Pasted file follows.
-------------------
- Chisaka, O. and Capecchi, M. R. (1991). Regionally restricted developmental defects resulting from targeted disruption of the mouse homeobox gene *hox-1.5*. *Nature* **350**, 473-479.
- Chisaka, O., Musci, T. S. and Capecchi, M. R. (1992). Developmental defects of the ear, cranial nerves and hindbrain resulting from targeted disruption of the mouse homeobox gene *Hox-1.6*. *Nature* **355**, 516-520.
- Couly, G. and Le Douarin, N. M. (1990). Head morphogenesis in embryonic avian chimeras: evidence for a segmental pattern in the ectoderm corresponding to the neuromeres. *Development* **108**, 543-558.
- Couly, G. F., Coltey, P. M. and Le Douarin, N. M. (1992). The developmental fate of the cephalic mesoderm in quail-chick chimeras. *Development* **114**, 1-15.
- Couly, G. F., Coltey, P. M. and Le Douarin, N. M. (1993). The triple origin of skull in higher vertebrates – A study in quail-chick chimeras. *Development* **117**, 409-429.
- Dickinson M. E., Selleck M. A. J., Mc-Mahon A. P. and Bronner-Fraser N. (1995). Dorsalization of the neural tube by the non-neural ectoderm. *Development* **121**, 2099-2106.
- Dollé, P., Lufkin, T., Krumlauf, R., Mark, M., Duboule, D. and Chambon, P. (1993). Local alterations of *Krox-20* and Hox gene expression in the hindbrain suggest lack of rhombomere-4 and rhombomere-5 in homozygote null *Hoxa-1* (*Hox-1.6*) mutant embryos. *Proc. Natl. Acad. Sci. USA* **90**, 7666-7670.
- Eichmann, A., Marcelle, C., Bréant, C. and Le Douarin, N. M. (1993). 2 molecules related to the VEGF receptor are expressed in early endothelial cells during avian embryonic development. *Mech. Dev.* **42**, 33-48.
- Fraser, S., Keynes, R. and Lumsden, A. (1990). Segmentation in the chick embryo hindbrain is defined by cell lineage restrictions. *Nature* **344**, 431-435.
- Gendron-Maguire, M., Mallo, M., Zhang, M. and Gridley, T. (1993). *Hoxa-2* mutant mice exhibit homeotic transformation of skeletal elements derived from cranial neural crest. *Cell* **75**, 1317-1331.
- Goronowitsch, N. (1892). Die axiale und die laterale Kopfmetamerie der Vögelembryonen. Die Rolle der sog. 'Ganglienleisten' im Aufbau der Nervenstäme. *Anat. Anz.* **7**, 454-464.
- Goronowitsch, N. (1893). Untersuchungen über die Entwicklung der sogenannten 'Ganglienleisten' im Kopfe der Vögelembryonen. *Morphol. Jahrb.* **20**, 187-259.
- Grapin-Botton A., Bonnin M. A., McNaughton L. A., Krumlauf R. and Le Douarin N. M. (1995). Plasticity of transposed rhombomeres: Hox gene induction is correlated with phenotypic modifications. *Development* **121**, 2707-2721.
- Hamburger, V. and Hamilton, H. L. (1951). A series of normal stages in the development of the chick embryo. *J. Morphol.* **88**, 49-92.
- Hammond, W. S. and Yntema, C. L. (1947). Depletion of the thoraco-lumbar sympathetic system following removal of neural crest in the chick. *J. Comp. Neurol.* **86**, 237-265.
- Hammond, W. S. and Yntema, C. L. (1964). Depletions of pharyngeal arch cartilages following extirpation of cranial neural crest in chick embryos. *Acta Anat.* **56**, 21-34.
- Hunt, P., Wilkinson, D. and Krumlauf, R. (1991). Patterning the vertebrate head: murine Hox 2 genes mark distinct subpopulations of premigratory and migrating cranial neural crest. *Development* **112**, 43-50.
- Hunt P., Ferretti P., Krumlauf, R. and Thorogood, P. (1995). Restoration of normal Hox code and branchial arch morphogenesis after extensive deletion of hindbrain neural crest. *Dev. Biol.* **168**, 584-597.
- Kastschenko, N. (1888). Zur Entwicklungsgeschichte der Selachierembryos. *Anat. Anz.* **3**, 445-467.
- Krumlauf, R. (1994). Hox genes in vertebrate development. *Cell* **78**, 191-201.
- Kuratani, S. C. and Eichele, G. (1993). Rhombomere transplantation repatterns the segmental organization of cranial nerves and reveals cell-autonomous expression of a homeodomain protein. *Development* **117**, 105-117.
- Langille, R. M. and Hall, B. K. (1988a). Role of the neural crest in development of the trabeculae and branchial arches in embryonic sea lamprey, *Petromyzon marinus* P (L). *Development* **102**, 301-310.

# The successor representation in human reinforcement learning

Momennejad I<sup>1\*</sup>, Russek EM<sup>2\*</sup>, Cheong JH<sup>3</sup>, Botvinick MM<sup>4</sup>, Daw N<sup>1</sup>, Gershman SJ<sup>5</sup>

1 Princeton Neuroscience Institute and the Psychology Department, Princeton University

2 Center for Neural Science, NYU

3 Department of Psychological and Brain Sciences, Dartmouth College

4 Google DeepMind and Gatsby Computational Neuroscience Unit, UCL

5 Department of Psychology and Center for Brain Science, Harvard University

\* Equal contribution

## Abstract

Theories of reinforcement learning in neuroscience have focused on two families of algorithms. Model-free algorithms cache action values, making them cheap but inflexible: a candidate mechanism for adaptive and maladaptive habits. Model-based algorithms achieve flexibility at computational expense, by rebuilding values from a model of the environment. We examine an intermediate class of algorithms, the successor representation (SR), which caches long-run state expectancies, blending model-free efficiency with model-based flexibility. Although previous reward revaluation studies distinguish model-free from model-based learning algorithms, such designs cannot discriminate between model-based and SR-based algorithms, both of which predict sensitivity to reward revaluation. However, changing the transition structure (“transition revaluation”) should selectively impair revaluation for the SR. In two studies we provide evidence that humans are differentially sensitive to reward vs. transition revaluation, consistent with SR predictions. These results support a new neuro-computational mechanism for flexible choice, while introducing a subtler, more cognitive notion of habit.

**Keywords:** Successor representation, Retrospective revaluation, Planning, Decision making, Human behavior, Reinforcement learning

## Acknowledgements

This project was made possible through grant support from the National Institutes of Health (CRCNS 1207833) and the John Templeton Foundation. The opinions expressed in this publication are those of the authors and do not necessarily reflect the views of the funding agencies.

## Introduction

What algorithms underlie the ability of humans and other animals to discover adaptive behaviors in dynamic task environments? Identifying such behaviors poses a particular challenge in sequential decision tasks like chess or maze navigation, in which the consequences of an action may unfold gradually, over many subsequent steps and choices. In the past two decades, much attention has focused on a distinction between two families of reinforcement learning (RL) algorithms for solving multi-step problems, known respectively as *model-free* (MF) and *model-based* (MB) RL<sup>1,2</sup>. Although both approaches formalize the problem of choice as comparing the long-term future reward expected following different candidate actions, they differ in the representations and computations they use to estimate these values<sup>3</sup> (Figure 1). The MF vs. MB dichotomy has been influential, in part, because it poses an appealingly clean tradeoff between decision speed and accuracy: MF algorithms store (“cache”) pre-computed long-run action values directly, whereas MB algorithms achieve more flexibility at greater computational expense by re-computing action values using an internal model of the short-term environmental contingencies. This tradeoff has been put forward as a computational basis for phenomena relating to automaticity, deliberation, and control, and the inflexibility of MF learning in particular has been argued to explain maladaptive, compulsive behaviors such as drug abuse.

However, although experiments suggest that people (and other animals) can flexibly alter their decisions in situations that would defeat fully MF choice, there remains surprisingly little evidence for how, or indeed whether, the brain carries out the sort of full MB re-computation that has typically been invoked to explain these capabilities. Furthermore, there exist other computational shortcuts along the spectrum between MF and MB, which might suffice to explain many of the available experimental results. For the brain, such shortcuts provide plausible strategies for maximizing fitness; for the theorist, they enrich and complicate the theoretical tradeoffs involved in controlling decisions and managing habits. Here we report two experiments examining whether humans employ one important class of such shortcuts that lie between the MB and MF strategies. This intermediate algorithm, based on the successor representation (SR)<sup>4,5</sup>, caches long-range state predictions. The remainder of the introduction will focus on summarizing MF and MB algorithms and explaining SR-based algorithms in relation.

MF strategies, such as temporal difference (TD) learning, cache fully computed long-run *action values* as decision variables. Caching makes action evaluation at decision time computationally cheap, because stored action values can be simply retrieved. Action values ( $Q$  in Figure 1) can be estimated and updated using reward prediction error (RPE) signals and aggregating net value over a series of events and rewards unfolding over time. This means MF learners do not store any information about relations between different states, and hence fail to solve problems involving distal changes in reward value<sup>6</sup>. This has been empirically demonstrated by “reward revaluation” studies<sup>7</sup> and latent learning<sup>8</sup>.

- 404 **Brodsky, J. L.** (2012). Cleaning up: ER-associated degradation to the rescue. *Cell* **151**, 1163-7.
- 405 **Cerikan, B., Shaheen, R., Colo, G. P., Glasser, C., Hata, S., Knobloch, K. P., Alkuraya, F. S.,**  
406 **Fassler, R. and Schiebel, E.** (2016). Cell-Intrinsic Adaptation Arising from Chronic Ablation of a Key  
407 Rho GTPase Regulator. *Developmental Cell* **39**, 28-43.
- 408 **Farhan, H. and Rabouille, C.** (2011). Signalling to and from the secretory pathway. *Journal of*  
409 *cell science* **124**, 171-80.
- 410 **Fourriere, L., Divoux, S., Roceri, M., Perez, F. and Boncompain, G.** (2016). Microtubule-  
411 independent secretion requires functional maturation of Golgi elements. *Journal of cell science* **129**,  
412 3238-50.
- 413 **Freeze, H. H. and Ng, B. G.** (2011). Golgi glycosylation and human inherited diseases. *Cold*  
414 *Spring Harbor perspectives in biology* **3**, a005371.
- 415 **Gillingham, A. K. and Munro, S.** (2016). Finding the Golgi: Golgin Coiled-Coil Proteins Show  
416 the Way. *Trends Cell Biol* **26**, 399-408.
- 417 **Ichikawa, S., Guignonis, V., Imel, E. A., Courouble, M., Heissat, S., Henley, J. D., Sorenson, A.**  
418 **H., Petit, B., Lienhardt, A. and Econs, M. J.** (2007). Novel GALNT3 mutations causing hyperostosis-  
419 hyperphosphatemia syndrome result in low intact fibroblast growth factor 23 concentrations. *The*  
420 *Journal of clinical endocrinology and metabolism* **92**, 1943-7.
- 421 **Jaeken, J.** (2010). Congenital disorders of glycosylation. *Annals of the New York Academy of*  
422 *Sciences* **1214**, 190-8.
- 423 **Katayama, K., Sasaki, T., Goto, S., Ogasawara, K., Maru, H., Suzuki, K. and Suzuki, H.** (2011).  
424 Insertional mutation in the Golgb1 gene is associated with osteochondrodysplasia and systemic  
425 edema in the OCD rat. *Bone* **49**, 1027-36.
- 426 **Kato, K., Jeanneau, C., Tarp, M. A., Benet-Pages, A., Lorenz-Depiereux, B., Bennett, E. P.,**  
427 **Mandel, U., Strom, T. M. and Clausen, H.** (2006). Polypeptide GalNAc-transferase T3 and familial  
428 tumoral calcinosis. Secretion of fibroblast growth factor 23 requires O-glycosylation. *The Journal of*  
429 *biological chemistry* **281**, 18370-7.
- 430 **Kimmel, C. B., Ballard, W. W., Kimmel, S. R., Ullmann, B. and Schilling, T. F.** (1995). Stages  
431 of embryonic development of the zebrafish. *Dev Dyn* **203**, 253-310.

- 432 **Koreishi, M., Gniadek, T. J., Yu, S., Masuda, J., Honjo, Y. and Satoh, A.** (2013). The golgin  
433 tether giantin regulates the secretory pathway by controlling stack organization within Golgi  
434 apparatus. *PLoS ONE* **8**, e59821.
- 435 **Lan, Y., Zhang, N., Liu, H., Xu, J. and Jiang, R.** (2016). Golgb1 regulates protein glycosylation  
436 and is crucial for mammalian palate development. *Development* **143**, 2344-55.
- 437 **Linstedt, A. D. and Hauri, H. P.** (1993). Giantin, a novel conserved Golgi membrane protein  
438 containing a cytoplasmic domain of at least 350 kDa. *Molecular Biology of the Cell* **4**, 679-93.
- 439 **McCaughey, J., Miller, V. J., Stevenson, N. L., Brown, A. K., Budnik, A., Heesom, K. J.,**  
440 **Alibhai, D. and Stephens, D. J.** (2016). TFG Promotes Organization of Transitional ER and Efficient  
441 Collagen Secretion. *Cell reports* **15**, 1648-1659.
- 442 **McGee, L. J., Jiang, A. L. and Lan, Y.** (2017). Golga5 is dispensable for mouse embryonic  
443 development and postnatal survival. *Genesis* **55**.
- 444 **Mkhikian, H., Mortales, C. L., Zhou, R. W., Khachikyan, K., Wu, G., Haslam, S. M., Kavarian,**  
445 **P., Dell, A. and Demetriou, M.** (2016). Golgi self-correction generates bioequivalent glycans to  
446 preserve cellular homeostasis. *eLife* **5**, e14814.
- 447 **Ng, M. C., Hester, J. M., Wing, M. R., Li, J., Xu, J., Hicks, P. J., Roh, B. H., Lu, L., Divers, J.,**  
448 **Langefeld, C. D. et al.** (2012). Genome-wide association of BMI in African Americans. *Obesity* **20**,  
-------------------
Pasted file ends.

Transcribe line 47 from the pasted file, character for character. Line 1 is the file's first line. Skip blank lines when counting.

411 independent secretion requires functional maturation of Golgi elements. *Journal of cell science* **129**,  